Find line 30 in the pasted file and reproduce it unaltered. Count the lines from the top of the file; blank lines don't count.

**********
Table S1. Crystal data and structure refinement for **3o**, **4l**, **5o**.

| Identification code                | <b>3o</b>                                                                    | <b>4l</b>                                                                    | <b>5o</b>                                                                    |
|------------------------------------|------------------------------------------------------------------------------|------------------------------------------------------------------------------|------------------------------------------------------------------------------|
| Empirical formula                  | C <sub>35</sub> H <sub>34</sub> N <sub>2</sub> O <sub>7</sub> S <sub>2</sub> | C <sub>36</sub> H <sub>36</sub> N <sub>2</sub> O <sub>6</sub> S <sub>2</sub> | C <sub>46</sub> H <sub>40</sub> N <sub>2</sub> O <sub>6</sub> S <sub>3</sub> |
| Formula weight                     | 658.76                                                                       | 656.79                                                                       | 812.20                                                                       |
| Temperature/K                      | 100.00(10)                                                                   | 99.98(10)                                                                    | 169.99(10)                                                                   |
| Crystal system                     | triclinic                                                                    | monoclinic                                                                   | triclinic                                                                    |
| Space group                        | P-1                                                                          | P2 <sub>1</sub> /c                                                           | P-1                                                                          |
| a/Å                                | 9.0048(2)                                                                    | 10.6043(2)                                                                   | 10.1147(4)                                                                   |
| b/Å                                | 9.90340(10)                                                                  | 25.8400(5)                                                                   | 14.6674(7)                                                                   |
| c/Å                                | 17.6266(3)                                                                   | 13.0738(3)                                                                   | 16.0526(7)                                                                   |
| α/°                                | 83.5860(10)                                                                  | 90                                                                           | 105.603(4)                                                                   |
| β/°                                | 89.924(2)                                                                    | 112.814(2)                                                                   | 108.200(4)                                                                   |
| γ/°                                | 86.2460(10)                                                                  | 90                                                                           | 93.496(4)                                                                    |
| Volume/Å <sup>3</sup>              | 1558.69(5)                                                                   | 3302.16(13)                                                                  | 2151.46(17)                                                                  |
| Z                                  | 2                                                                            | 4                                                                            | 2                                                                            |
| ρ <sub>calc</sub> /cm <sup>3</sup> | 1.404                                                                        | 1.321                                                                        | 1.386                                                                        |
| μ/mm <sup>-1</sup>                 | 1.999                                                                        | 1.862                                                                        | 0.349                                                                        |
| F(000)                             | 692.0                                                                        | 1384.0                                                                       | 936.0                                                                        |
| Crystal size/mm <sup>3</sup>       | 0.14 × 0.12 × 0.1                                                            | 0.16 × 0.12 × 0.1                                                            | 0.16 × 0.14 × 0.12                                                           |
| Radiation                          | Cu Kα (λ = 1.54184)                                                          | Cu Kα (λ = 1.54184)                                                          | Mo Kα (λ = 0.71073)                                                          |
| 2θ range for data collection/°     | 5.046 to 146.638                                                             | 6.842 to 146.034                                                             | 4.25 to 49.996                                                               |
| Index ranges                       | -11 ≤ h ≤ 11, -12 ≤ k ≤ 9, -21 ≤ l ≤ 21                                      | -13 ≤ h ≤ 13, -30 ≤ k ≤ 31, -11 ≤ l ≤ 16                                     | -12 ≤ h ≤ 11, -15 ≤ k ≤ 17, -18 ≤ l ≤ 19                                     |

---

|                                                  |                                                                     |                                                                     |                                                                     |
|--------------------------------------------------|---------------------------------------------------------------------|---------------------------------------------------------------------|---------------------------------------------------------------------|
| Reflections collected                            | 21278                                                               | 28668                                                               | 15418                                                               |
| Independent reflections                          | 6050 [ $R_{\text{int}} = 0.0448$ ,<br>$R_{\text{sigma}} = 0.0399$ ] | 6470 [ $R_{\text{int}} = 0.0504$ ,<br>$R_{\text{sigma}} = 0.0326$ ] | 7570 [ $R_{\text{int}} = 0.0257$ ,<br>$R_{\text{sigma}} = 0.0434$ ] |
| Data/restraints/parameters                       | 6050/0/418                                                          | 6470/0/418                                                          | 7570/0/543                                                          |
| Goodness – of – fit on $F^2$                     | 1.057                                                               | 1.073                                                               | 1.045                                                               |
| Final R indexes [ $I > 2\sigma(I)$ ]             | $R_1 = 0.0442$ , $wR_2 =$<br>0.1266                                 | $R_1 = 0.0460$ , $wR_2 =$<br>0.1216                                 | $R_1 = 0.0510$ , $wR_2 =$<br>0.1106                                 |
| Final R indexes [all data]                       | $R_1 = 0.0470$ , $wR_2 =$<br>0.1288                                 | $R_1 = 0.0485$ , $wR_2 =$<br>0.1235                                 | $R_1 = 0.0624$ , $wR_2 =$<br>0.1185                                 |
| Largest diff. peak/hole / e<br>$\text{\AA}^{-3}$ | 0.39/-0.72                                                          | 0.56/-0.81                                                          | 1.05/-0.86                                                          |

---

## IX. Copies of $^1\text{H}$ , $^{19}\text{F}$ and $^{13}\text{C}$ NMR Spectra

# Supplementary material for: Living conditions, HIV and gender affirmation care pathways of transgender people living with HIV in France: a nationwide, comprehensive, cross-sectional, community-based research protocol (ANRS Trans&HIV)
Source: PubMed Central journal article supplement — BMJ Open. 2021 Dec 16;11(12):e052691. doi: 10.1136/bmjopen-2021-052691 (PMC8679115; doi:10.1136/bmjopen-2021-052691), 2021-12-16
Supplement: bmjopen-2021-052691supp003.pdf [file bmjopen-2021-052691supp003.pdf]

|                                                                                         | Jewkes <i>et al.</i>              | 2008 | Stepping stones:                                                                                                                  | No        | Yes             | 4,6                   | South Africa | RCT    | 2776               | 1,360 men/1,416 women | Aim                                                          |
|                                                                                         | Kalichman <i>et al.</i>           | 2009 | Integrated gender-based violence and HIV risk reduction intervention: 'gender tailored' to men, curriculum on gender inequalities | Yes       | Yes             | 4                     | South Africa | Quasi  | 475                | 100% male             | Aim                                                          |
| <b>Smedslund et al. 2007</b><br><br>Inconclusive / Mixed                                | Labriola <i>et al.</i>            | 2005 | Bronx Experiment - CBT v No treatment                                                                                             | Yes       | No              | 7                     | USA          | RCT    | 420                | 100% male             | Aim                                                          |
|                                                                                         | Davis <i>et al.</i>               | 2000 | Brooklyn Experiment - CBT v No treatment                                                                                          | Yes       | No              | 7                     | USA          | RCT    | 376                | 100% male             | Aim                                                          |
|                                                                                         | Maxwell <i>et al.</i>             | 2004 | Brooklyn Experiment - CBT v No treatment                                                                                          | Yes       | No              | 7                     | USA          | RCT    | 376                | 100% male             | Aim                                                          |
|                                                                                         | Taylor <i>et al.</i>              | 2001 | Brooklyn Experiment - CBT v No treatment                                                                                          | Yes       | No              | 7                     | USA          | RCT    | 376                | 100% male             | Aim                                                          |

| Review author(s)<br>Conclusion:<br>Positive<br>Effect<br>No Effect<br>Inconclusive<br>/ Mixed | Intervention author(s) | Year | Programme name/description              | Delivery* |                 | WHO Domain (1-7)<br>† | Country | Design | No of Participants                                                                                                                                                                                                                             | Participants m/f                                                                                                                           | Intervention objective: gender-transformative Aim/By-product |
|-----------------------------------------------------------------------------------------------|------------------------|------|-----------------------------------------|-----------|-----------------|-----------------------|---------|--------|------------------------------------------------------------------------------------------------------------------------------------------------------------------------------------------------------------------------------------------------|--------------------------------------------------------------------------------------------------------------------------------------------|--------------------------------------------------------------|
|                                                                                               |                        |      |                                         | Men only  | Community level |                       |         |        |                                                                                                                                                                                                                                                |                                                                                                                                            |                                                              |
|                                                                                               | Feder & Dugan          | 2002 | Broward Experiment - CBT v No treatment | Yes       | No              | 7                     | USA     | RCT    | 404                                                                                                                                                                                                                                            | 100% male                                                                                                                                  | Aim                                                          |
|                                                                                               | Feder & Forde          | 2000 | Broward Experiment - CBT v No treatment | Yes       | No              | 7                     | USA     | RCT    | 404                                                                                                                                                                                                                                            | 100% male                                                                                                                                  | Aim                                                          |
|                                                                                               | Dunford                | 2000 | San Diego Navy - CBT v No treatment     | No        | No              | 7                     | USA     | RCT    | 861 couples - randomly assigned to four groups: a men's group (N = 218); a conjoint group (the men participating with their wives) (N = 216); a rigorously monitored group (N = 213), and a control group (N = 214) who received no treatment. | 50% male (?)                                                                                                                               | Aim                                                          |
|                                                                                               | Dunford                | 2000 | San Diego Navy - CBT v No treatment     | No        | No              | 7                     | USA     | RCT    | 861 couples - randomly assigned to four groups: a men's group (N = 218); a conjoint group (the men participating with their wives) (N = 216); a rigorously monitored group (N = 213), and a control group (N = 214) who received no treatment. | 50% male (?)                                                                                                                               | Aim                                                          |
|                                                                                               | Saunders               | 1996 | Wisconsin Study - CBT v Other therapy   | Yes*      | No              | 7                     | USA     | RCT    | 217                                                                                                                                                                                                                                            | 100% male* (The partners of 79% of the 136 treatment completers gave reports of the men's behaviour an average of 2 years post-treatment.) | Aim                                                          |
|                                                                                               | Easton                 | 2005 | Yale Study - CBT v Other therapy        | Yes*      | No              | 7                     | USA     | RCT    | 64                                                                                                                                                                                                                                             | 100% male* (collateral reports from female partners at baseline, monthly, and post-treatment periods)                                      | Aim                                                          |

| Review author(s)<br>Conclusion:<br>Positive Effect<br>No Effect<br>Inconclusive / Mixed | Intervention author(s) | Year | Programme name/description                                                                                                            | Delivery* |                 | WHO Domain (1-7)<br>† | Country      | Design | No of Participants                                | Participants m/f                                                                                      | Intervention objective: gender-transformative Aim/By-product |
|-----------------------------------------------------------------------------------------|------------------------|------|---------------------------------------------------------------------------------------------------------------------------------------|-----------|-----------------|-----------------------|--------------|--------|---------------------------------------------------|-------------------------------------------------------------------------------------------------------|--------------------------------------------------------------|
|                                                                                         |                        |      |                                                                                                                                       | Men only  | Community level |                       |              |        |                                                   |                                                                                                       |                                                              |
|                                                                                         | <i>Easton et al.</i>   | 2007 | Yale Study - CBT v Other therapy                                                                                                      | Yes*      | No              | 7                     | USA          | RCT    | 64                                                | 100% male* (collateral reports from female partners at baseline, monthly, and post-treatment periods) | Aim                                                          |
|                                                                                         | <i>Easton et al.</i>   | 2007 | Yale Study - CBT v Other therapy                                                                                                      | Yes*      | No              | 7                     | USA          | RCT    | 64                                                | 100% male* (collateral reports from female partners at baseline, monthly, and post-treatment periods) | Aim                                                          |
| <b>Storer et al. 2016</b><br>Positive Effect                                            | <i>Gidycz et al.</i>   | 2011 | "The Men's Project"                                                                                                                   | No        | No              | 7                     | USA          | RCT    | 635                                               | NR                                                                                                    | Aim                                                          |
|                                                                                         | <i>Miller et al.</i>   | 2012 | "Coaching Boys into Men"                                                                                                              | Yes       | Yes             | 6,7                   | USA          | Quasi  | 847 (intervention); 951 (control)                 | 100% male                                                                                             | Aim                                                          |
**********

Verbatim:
| Goodness – of – fit on $F^2$                     | 1.057                                                               | 1.073                                                               | 1.045                                                               |